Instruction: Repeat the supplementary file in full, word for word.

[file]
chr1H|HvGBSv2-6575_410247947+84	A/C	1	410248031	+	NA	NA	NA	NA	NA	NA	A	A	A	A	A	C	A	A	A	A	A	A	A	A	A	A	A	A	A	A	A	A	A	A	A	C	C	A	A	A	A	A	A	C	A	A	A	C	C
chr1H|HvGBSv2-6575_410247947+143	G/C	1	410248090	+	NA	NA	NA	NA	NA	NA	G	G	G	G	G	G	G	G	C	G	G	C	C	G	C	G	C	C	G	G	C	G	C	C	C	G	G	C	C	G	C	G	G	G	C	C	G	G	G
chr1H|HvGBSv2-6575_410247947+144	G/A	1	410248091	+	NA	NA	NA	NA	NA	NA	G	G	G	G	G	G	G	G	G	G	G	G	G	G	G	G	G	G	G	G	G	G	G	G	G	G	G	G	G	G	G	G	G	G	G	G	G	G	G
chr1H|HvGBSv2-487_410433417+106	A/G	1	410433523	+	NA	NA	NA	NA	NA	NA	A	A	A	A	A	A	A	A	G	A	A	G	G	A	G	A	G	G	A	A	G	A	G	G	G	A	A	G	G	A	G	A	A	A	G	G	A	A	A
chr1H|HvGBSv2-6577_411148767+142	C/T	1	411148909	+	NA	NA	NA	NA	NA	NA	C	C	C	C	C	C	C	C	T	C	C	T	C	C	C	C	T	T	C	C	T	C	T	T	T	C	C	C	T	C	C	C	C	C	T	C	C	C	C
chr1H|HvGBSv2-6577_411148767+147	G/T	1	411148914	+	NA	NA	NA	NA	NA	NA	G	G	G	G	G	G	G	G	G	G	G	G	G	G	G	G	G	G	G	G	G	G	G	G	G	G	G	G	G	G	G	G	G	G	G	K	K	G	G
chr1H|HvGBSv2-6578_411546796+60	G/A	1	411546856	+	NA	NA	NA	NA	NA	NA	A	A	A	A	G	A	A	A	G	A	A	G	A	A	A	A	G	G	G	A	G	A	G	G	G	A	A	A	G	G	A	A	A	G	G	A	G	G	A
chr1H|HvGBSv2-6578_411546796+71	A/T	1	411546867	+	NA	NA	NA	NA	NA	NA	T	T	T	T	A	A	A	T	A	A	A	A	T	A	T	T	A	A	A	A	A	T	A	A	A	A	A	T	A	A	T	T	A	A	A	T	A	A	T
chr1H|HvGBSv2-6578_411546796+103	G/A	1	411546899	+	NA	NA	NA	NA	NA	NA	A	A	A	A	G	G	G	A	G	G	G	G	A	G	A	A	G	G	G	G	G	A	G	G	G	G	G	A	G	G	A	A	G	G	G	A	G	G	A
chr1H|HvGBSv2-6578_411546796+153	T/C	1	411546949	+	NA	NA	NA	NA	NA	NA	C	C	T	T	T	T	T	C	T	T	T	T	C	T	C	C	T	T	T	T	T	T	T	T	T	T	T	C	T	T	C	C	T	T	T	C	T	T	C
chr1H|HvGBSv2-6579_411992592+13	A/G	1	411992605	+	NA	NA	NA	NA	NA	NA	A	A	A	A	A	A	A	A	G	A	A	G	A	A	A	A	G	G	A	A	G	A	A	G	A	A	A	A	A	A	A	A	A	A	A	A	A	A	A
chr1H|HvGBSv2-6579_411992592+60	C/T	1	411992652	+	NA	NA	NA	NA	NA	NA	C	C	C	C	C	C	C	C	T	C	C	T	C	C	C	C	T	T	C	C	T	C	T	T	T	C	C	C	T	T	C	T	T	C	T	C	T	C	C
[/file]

chr1H|HvGBSv2-6575_410247947+84	A/C	1	410248031	+	NA	NA	NA	NA	NA	NA	A	A	A	A	A	C	A	A	A	A	A	A	A	A	A	A	A	A	A	A	A	A	A	A	A	C	C	A	A	A	A	A	A	C	A	A	A	C	C
chr1H|HvGBSv2-6575_410247947+143	G/C	1	410248090	+	NA	NA	NA	NA	NA	NA	G	G	G	G	G	G	G	G	C	G	G	C	C	G	C	G	C	C	G	G	C	G	C	C	C	G	G	C	C	G	C	G	G	G	C	C	G	G	G
chr1H|HvGBSv2-6575_410247947+144	G/A	1	410248091	+	NA	NA	NA	NA	NA	NA	G	G	G	G	G	G	G	G	G	G	G	G	G	G	G	G	G	G	G	G	G	G	G	G	G	G	G	G	G	G	G	G	G	G	G	G	G	G	G
chr1H|HvGBSv2-487_410433417+106	A/G	1	410433523	+	NA	NA	NA	NA	NA	NA	A	A	A	A	A	A	A	A	G	A	A	G	G	A	G	A	G	G	A	A	G	A	G	G	G	A	A	G	G	A	G	A	A	A	G	G	A	A	A
chr1H|HvGBSv2-6577_411148767+142	C/T	1	411148909	+	NA	NA	NA	NA	NA	NA	C	C	C	C	C	C	C	C	T	C	C	T	C	C	C	C	T	T	C	C	T	C	T	T	T	C	C	C	T	C	C	C	C	C	T	C	C	C	C
chr1H|HvGBSv2-6577_411148767+147	G/T	1	411148914	+	NA	NA	NA	NA	NA	NA	G	G	G	G	G	G	G	G	G	G	G	G	G	G	G	G	G	G	G	G	G	G	G	G	G	G	G	G	G	G	G	G	G	G	G	K	K	G	G
chr1H|HvGBSv2-6578_411546796+60	G/A	1	411546856	+	NA	NA	NA	NA	NA	NA	A	A	A	A	G	A	A	A	G	A	A	G	A	A	A	A	G	G	G	A	G	A	G	G	G	A	A	A	G	G	A	A	A	G	G	A	G	G	A
chr1H|HvGBSv2-6578_411546796+71	A/T	1	411546867	+	NA	NA	NA	NA	NA	NA	T	T	T	T	A	A	A	T	A	A	A	A	T	A	T	T	A	A	A	A	A	T	A	A	A	A	A	T	A	A	T	T	A	A	A	T	A	A	T
chr1H|HvGBSv2-6578_411546796+103	G/A	1	411546899	+	NA	NA	NA	NA	NA	NA	A	A	A	A	G	G	G	A	G	G	G	G	A	G	A	A	G	G	G	G	G	A	G	G	G	G	G	A	G	G	A	A	G	G	G	A	G	G	A
chr1H|HvGBSv2-6578_411546796+153	T/C	1	411546949	+	NA	NA	NA	NA	NA	NA	C	C	T	T	T	T	T	C	T	T	T	T	C	T	C	C	T	T	T	T	T	T	T	T	T	T	T	C	T	T	C	C	T	T	T	C	T	T	C
chr1H|HvGBSv2-6579_411992592+13	A/G	1	411992605	+	NA	NA	NA	NA	NA	NA	A	A	A	A	A	A	A	A	G	A	A	G	A	A	A	A	G	G	A	A	G	A	A	G	A	A	A	A	A	A	A	A	A	A	A	A	A	A	A
chr1H|HvGBSv2-6579_411992592+60	C/T	1	411992652	+	NA	NA	NA	NA	NA	NA	C	C	C	C	C	C	C	C	T	C	C	T	C	C	C	C	T	T	C	C	T	C	T	T	T	C	C	C	T	T	C	T	T	C	T	C	T	C	C